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Author Topic:   On The Observability of Speciation
Stagamancer
Member (Idle past 3088 days)
Posts: 174
From: Oregon
Joined: 12-28-2008


Message 5 of 17 (505013)
04-06-2009 2:57 PM
Reply to: Message 1 by AustinG
04-06-2009 2:38 AM


Another instance of easily observable speciation occurs quite frequently in plants, called polyploidy. In this case, when an offspring is produced, their chromosomes do not separate during meiosis, and they receive double the genetic material from their parents. I.e., if the parents had 14 chromosomes, the offspring has 28. Therefore, when the offspring produces gametes, the games have 14 chromosomes, but the parents generation's gametes have 7, so they the offspring of that breeding would have 21 chromosomes and be triploid. Triploid organisms more often than not are not viable. So this would be a case for speciation within one generation. Granted, it doesn't involve natural selection per se, but because the polyploid individual cannot breed with it's parents' generation, it is reproductively isolated, and natural selection and genetic drift can act upon the new species to make it different from the parent species.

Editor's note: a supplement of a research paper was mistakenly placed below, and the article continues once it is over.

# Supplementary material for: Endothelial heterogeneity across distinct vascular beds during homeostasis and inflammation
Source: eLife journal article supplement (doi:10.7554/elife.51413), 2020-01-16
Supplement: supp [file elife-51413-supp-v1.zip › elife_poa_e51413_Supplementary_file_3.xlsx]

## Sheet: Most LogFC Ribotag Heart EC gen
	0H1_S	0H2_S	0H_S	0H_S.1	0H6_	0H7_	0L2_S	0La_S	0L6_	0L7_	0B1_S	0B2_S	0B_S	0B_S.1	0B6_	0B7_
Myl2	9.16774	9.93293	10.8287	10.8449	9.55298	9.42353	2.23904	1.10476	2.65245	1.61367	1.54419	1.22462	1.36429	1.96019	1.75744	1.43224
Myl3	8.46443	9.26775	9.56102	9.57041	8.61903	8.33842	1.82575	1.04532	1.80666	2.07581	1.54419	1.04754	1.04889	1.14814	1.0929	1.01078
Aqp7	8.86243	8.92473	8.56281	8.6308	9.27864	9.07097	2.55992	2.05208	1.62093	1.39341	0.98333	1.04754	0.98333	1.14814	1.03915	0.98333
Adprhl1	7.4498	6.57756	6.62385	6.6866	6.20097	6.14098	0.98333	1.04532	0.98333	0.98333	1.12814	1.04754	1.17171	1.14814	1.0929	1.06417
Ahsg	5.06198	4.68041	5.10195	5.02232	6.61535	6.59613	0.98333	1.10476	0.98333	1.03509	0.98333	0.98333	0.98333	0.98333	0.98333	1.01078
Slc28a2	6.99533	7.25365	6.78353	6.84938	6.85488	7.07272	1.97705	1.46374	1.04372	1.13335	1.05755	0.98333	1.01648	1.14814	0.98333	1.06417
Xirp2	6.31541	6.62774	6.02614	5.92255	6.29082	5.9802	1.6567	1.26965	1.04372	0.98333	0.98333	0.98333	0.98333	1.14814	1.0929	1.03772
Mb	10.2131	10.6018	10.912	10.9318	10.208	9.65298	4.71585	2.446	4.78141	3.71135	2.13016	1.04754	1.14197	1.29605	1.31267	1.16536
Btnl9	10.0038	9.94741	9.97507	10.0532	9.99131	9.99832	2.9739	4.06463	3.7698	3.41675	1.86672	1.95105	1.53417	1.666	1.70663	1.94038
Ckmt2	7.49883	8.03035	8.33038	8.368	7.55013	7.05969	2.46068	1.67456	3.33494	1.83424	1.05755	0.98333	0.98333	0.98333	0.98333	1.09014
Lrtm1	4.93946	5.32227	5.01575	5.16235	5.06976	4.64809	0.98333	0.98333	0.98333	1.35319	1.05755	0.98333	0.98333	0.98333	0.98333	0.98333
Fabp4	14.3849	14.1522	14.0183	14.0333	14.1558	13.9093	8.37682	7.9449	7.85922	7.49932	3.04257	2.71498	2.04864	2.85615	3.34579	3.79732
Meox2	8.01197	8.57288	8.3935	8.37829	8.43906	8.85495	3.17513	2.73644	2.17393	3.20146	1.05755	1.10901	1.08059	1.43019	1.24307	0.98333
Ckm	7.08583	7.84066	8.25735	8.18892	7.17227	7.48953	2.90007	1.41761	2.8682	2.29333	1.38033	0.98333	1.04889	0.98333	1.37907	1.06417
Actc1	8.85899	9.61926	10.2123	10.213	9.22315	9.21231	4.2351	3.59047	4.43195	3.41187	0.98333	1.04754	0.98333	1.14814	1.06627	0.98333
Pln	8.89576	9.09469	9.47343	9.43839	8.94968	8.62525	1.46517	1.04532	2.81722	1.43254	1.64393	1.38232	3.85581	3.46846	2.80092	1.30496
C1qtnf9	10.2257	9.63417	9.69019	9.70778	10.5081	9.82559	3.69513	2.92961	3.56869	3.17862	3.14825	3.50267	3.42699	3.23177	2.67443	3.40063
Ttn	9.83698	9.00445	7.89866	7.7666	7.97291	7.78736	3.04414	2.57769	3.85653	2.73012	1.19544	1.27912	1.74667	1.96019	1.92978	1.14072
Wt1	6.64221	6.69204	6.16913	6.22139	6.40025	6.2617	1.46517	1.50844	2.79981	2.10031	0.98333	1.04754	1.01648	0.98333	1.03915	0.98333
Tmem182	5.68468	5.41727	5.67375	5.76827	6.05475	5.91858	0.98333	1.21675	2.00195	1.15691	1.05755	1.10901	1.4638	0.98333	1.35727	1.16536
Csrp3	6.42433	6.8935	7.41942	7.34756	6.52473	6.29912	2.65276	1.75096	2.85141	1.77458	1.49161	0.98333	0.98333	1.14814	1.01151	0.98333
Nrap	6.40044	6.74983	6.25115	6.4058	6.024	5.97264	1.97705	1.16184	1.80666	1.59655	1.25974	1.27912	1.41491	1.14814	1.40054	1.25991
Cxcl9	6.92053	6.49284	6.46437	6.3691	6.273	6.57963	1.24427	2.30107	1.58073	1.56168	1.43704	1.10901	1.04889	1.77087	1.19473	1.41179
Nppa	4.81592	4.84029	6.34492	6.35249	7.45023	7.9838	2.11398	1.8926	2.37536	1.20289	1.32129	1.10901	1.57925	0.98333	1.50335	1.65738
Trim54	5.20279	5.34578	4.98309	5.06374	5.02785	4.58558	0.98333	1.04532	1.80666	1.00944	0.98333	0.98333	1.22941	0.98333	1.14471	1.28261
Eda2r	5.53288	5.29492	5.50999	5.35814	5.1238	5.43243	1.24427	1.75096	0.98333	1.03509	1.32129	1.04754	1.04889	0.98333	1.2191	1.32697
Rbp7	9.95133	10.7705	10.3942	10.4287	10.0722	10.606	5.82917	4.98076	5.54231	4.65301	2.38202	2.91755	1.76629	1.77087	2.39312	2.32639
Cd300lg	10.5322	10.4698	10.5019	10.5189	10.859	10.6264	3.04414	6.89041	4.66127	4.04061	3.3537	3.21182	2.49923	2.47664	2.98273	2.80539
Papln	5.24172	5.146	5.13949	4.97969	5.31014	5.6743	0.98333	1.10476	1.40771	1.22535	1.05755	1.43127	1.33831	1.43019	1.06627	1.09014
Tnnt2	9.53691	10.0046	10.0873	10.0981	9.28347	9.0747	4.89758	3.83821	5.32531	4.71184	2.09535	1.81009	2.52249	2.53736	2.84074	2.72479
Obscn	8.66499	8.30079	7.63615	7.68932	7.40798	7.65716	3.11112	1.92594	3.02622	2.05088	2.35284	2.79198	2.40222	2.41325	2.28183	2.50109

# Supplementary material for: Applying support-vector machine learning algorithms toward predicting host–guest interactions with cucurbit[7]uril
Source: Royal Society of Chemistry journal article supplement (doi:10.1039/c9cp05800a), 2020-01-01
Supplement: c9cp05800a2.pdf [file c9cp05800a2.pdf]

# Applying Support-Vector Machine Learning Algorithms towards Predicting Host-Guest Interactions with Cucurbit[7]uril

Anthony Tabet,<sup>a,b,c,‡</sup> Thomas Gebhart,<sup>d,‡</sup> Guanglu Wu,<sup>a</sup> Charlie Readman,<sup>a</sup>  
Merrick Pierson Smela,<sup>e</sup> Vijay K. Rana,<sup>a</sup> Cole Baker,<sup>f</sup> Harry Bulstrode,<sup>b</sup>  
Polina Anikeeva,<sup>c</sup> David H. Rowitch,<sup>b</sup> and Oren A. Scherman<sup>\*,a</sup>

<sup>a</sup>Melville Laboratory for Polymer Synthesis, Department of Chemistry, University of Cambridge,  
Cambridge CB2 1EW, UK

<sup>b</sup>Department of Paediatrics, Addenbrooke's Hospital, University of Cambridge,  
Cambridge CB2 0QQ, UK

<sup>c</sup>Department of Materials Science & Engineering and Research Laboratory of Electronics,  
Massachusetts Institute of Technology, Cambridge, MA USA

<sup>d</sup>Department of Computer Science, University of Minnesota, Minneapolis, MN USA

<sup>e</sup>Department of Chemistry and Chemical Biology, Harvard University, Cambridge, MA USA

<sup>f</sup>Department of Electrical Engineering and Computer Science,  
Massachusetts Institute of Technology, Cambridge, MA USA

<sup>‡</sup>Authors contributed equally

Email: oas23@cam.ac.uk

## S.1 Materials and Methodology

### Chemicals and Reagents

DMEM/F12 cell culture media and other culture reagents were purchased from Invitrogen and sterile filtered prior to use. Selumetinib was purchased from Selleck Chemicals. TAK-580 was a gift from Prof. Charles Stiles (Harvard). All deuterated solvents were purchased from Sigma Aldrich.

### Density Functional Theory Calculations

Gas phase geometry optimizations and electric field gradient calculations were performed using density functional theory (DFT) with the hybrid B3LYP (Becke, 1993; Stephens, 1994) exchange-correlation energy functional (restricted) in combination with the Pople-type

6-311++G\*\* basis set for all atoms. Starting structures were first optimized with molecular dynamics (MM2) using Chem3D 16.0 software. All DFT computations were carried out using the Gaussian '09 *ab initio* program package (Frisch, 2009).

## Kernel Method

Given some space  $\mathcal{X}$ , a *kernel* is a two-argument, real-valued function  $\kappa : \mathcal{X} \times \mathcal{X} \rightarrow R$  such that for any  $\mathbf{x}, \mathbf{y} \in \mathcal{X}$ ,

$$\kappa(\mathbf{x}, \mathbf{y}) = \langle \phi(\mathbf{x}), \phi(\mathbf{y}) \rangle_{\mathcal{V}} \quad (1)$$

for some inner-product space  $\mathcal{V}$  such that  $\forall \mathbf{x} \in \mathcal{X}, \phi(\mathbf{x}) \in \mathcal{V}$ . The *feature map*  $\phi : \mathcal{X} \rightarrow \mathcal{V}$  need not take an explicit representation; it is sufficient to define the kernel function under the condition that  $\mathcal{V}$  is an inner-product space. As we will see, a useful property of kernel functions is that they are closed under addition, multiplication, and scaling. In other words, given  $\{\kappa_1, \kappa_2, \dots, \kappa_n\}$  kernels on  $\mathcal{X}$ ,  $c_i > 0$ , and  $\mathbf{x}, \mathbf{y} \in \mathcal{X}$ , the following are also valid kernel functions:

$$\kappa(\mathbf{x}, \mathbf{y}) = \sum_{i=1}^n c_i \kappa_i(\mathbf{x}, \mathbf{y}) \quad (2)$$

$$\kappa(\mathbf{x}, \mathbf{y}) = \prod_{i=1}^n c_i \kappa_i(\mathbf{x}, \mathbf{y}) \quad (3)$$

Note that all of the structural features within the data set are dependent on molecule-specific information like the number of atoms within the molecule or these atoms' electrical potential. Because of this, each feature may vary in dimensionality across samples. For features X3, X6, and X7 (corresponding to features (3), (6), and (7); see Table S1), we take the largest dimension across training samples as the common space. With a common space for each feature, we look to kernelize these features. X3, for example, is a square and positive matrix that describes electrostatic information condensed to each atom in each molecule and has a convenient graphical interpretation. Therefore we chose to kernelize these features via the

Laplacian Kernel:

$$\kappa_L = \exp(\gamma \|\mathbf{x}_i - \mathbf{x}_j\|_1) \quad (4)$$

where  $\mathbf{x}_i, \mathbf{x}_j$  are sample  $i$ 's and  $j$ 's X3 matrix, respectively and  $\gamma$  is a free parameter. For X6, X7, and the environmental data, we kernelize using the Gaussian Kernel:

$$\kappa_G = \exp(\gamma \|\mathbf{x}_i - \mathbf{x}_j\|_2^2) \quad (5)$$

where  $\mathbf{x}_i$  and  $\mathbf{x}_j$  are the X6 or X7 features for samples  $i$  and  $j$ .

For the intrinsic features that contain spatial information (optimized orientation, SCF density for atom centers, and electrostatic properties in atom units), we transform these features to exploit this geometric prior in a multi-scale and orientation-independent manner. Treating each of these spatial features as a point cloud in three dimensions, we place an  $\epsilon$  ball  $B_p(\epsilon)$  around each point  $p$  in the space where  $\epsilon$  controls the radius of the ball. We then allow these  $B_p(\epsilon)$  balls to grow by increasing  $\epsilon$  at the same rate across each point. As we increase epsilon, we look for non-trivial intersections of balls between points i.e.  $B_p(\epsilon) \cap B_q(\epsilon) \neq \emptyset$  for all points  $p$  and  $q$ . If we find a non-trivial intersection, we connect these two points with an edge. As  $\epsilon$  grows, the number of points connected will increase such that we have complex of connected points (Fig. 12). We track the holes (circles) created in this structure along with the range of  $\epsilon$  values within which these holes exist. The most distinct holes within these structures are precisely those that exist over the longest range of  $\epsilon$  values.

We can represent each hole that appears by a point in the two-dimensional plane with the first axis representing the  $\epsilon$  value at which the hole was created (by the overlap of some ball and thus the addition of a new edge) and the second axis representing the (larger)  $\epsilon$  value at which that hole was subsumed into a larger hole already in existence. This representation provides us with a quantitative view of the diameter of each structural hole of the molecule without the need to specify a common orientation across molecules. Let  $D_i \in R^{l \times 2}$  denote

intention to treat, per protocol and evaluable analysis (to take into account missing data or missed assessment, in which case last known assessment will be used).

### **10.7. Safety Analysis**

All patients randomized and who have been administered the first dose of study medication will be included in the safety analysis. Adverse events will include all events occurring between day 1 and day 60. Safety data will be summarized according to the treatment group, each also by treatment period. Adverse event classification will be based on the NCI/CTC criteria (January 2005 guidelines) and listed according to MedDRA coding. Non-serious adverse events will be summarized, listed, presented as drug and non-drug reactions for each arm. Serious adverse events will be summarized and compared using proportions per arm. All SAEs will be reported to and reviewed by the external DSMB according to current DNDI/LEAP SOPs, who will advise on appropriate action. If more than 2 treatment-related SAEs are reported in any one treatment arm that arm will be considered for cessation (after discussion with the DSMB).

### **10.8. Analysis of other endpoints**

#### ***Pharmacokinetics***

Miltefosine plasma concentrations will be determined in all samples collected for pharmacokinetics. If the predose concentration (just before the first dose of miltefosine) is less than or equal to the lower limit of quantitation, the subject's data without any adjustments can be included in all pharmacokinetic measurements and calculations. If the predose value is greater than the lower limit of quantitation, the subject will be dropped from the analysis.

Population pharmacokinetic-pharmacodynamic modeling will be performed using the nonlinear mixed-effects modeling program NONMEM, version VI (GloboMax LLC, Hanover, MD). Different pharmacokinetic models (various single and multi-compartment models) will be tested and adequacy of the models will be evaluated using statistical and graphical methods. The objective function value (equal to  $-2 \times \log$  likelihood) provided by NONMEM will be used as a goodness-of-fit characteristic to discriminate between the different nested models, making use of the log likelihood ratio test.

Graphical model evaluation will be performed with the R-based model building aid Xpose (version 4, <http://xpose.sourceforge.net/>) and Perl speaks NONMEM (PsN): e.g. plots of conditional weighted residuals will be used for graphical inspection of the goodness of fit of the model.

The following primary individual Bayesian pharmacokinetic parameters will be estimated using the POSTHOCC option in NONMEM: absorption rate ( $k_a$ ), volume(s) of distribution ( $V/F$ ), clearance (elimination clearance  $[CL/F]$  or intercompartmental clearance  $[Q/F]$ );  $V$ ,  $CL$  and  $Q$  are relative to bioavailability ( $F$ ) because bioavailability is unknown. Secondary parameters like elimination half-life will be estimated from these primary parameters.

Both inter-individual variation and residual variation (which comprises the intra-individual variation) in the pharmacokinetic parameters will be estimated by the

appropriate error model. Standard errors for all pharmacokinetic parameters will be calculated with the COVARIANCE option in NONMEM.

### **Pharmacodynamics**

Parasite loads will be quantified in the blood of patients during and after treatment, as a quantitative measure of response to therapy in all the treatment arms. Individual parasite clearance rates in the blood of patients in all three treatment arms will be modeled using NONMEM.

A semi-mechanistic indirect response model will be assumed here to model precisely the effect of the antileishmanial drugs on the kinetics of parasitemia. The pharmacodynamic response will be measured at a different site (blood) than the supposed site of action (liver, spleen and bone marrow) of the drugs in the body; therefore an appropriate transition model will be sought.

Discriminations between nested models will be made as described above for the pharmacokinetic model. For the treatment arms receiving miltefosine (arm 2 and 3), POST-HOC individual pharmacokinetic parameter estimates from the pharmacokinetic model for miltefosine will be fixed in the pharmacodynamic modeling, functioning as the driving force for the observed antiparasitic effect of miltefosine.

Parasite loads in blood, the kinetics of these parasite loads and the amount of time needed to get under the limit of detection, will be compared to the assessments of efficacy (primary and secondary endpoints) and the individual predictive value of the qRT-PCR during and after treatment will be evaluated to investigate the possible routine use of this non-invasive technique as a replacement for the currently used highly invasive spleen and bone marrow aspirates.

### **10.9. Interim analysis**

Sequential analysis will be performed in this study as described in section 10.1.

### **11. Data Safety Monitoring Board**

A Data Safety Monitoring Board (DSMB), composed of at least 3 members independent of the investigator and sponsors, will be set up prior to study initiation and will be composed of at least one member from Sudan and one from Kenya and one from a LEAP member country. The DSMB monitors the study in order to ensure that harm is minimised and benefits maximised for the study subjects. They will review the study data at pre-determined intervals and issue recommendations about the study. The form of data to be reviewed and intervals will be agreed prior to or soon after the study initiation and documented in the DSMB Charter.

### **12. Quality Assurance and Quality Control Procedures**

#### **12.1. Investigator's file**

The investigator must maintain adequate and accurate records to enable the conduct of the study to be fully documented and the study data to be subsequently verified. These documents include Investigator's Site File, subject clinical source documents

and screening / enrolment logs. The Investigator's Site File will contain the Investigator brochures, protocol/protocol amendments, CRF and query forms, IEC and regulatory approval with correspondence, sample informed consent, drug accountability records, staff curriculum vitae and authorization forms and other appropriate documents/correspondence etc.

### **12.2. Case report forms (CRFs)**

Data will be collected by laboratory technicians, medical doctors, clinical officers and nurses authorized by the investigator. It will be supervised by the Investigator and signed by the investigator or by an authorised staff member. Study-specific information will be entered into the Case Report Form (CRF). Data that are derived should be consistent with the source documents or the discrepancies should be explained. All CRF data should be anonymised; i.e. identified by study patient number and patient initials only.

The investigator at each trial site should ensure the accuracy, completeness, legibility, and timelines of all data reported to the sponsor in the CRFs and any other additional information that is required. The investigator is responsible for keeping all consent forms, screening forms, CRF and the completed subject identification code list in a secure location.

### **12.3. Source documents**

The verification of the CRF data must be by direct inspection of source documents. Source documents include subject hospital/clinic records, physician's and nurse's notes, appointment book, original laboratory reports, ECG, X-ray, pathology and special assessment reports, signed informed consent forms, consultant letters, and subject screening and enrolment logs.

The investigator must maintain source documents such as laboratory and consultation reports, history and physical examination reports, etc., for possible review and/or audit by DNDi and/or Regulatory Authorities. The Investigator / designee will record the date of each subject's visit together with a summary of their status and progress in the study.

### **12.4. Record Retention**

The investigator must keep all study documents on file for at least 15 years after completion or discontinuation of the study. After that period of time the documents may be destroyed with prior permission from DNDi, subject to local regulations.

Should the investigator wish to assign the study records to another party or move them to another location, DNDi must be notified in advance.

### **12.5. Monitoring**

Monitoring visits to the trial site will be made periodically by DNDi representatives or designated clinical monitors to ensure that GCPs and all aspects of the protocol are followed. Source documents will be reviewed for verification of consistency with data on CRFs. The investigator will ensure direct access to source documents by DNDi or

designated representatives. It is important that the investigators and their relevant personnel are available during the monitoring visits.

Another species to look at is orcas, especially the ones living off of the coasts of British Columbia and Washington. There are 3 "types" of orcas: Transient, Resident, and Off shore. Even though their ranges overlap some, they maintain themselves as very separate groups and almost never interbreed. I did a project in undergrad for a population genetics course where I went through the literature to analyze the pop. gen. data, and it's pretty evident that this different "types" of orcas are quite possibly on the road to becoming different species. This is also a very interesting case, because the populations are not separated by physical barriers, but rather by cultural barriers. The different groups eat different food, use different sounds for communication, and have different pod structures which is why they tend not to mix.


We have many intuitions in our life and the point is that many of these intuitions are wrong. The question is, are we going to test those intuitions?